The New York Times displays a tablet computer at the American Society of Newspaper Editors annual convention in 2006.
Tom Bodkin of
Tom Bodkin of The New York Times displays a tablet computer at the American Society of Newspaper Editors annual convention in 2006. Elaine Thompson/AP
If the rumors have it right — and in this case they probably do — Apple will introduce a slate or tablet computer Wednesday. The announcement would come just a couple of weeks after other computer companies showed off slates at the Consumer Electronics Show in Las Vegas. But many people may still be wondering exactly what a slate computer is — and why someone might want one.
If you aren't sure what a slate computer is, you aren't alone. A few years back many Hewlett-Packard executives couldn't really figure it out either. So Phil McKinney, chief technology officer for HP's Personal Systems Group, took HP executives on a trip to the final frontier: He showed them clips from Star Trek.
In the popular sci-fi series, slate computers were everywhere. They were flat, thin computers without keyboards that Enterprise crew members used to enter and retrieve information.
"The future for slates is you'll have slates just laying around the house. You'll have them laying around the office," McKinney says. "You'll be able to pick up that slate. You should be able to connect to your information. You should be able to have the interactive experience you want."
And McKinney says he thinks that future has arrived.
"What you're seeing is really a perfect storm of innovation from the standpoint of processors, operating system, touch technologies and the ability to bring that all together to hit a mainstream price point," McKinney says.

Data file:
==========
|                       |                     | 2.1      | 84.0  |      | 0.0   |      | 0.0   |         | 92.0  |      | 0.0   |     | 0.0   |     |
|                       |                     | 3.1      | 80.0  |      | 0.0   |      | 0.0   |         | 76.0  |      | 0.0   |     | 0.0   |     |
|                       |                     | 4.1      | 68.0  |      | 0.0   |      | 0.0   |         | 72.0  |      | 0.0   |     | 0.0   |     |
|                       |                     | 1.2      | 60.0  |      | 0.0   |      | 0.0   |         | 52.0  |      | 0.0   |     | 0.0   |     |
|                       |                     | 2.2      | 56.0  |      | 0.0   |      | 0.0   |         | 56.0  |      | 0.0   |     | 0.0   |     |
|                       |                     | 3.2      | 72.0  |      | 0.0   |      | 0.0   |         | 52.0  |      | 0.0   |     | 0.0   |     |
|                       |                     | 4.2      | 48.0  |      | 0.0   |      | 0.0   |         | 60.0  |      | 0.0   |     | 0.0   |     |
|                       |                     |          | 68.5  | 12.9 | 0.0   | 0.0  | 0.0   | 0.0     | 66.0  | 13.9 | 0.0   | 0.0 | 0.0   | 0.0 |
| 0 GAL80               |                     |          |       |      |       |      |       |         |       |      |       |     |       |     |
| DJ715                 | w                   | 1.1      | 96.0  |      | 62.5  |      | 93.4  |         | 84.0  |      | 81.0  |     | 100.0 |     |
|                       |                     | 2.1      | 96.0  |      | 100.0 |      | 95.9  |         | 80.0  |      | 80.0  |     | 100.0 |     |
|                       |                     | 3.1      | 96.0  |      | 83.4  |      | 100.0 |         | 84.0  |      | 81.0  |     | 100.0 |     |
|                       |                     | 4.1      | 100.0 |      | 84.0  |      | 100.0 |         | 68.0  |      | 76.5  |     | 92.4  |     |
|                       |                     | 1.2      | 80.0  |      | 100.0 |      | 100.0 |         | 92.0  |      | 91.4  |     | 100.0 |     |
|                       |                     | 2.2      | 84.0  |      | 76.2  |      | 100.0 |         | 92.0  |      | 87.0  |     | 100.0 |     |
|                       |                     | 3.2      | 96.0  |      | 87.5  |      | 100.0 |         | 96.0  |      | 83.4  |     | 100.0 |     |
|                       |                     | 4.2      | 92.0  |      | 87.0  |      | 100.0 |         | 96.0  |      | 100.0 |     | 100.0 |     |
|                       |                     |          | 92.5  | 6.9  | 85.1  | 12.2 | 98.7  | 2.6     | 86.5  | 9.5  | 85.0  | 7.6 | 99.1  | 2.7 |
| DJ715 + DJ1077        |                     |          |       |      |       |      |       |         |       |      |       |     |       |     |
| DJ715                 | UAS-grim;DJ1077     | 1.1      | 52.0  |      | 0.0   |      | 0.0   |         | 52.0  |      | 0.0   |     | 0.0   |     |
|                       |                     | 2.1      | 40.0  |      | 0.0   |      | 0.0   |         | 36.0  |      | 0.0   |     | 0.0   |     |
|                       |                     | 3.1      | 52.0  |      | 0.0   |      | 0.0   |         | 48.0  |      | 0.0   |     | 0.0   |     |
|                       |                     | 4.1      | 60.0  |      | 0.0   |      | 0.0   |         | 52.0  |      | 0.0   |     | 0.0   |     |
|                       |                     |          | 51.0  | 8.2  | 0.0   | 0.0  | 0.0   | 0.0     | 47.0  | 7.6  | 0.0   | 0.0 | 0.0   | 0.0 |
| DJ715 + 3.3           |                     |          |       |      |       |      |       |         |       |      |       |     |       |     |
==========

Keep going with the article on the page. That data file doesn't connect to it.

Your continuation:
Microsoft CEO Steve Ballmer gave a glimpse of HP's slate computer during his keynote address at the Consumer Electronics Show. It's thin, about the size of a hardcover novel, and has a glass front. Of course it runs on a Windows operating system. And it also has access to Amazon's Kindle software. But the HP tablet offers more than Amazon's popular e-reader. Ballmer said that users can flip through a book in full color using the slate's touch screen.
But in an interview with NPR, Ballmer played down the size of the slate market.
He estimates that 300 million PCs will be sold in the next year and 150 million smart phones, but only single-digit millions of tablets.
If Apple Enters The Market
Apple could prove him wrong if, as expected, it steps into the market later this week. Apple has a history of popularizing existing devices, says Gartner Research analyst Mike McGuire.
"What Apple does is takes those existing paradigms that are nice, functional devices and turns them into something unique," he says.
McGuire points to the iPod and the iPhone. Neither device was the first of its kind. But Apple made them popular.
McGuire imagines that an Apple tablet will have a lot more than books. It's also likely to feature video, music, movies and an Internet connection. So, if you are dying to know the name of an actor while you are watching a film, McGuire says, you won't have to wait until the credits roll. All you would have to do is touch the screen, and up pops the actor's name.
While some might be turning to science fiction to imagine the future of the slate, others are turning to magic. Jakob Nielsen, an expert on technology usability, points to Harry Potter's newspaper, The Daily Prophet.
"It comes with these photographs that are all kind of moving images because of the magic of Harry Potter and the wizards ... all the photos could be moving, could be video clips," Nielsen says.
Still, Nielsen does see at least two possible technological hurdles to the success of slate PCs: They can't be too expensive, and they have to have a long battery life. If Apple gets that right, at least some analysts believe tens of millions of tablet and slate computers will be sold in 2010.